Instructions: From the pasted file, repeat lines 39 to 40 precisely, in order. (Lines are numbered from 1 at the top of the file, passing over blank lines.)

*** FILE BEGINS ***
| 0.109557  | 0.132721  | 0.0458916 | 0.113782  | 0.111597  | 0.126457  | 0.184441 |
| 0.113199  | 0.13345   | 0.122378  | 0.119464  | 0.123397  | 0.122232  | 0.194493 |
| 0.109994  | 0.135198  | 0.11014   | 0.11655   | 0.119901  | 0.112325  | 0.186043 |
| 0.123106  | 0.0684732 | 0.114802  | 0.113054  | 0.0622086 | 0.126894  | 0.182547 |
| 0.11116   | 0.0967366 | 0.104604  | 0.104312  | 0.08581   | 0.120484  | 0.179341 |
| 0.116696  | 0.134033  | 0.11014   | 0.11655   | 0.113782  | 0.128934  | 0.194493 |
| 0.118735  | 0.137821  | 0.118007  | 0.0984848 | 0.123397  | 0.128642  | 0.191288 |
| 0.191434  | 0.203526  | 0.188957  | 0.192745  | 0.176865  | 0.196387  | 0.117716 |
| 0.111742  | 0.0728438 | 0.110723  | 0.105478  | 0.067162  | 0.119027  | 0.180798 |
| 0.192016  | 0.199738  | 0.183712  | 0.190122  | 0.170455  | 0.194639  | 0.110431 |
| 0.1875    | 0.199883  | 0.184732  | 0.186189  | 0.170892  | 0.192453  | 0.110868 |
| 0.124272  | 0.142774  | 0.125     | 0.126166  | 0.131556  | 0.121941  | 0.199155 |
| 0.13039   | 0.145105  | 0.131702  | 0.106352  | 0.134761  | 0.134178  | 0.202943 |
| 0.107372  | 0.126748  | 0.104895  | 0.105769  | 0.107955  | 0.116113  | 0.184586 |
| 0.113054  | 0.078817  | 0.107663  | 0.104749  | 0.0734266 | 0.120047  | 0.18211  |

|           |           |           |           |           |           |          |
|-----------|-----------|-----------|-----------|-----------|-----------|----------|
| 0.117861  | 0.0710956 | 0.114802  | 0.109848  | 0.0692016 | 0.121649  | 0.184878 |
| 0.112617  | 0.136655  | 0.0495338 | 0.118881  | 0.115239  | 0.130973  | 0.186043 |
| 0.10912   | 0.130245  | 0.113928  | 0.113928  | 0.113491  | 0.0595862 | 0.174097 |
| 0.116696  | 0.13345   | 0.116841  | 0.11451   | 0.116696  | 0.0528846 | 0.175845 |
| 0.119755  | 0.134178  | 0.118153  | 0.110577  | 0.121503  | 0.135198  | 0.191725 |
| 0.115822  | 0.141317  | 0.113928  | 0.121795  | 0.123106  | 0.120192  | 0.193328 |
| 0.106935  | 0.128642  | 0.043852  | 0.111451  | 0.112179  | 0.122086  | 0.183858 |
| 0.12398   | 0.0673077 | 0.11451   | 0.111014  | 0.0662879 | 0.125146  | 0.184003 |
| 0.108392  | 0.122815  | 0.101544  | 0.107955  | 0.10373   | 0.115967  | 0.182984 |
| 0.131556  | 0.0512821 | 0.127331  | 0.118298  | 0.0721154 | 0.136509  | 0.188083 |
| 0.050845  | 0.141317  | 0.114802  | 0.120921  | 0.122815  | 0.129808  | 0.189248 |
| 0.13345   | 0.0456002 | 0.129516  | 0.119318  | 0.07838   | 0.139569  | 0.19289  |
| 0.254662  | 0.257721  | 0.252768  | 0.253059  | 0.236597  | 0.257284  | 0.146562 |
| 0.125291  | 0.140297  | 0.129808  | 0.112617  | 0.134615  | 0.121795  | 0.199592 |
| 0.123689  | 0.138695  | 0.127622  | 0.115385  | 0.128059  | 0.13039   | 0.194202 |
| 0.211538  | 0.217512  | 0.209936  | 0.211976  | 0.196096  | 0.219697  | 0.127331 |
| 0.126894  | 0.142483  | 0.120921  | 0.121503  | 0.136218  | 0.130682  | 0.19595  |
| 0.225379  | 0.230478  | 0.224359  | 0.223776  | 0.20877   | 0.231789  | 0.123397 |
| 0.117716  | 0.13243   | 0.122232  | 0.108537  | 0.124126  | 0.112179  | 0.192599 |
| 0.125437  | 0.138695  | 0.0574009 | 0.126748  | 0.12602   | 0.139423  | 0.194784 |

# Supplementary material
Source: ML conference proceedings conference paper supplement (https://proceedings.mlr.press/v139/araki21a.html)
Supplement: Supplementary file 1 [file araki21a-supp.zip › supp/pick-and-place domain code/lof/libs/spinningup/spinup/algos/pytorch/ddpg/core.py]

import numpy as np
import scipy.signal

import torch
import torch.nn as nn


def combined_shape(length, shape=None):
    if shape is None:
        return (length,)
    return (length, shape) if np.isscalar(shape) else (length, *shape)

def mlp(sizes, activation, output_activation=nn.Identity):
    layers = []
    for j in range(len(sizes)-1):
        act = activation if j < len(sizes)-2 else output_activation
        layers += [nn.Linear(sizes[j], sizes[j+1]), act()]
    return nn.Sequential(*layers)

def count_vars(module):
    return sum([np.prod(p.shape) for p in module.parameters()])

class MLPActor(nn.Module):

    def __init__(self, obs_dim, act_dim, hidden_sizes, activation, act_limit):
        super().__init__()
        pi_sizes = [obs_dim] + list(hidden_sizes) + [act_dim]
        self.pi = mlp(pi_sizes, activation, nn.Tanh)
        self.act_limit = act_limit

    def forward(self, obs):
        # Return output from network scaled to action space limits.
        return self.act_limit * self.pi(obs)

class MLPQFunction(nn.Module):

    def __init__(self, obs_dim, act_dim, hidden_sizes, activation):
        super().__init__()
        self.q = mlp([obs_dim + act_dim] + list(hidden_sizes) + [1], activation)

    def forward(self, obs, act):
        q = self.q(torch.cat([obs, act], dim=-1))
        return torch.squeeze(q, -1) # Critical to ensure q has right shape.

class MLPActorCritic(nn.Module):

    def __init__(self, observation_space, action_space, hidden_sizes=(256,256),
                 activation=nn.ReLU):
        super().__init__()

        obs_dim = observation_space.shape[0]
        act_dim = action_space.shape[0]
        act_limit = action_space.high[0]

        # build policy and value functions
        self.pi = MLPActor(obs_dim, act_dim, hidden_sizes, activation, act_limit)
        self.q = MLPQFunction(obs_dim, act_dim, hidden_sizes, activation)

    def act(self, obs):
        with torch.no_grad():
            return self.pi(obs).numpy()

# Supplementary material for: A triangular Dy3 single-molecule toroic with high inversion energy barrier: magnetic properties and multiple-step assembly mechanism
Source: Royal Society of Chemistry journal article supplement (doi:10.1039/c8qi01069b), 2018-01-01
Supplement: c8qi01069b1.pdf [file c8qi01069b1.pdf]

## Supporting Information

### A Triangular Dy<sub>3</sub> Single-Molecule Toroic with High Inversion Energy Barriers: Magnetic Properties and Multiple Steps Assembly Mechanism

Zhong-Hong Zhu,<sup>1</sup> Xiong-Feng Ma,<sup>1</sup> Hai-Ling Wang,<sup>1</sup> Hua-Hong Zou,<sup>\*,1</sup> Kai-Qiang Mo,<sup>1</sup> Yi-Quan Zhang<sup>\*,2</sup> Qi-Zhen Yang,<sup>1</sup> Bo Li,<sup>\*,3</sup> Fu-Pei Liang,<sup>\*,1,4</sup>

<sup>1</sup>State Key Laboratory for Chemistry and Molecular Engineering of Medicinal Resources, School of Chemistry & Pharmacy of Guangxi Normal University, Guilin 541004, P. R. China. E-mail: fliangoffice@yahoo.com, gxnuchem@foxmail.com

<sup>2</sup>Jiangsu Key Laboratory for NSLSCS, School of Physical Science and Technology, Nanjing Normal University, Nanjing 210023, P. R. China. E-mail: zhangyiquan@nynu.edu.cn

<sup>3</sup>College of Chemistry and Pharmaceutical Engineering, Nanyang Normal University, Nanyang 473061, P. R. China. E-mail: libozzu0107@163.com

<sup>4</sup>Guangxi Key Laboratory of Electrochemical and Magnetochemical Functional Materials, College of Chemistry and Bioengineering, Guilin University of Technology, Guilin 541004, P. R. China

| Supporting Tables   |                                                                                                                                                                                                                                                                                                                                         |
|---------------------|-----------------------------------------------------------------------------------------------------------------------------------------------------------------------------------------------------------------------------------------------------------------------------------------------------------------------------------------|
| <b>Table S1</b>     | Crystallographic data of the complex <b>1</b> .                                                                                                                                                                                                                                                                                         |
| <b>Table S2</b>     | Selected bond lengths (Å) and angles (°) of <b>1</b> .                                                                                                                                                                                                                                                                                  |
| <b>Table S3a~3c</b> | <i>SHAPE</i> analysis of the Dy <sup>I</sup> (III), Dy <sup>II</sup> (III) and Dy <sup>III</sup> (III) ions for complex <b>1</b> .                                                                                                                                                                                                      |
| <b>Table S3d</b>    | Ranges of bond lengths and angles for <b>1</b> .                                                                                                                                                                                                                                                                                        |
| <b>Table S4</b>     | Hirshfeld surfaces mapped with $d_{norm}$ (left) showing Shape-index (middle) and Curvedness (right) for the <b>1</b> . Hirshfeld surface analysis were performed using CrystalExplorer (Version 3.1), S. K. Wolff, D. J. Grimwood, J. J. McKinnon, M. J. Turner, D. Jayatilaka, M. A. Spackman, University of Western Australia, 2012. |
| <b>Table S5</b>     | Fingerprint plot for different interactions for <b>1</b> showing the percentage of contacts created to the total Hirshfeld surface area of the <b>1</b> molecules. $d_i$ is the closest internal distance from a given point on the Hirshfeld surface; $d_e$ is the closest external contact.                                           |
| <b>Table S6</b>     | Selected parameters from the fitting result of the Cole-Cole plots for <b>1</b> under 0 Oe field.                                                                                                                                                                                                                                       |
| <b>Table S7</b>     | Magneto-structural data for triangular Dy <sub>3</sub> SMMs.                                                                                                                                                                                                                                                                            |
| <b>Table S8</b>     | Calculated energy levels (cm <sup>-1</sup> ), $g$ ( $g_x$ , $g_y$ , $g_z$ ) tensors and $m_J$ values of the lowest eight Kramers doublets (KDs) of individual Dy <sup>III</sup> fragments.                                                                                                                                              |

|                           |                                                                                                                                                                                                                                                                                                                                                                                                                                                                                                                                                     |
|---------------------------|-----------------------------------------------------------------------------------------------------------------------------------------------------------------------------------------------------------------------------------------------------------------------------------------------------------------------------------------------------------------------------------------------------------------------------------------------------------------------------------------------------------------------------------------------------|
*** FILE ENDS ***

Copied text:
Source: ML conference proceedings conference paper supplement (https://proceedings.mlr.press/v139/araki21a.html)
Supplement: Supplementary file 1 [file araki21a-supp.zip › supp/pick-and-place domain code/lof/libs/spinningup/spinup/algos/pytorch/ddpg/core.py]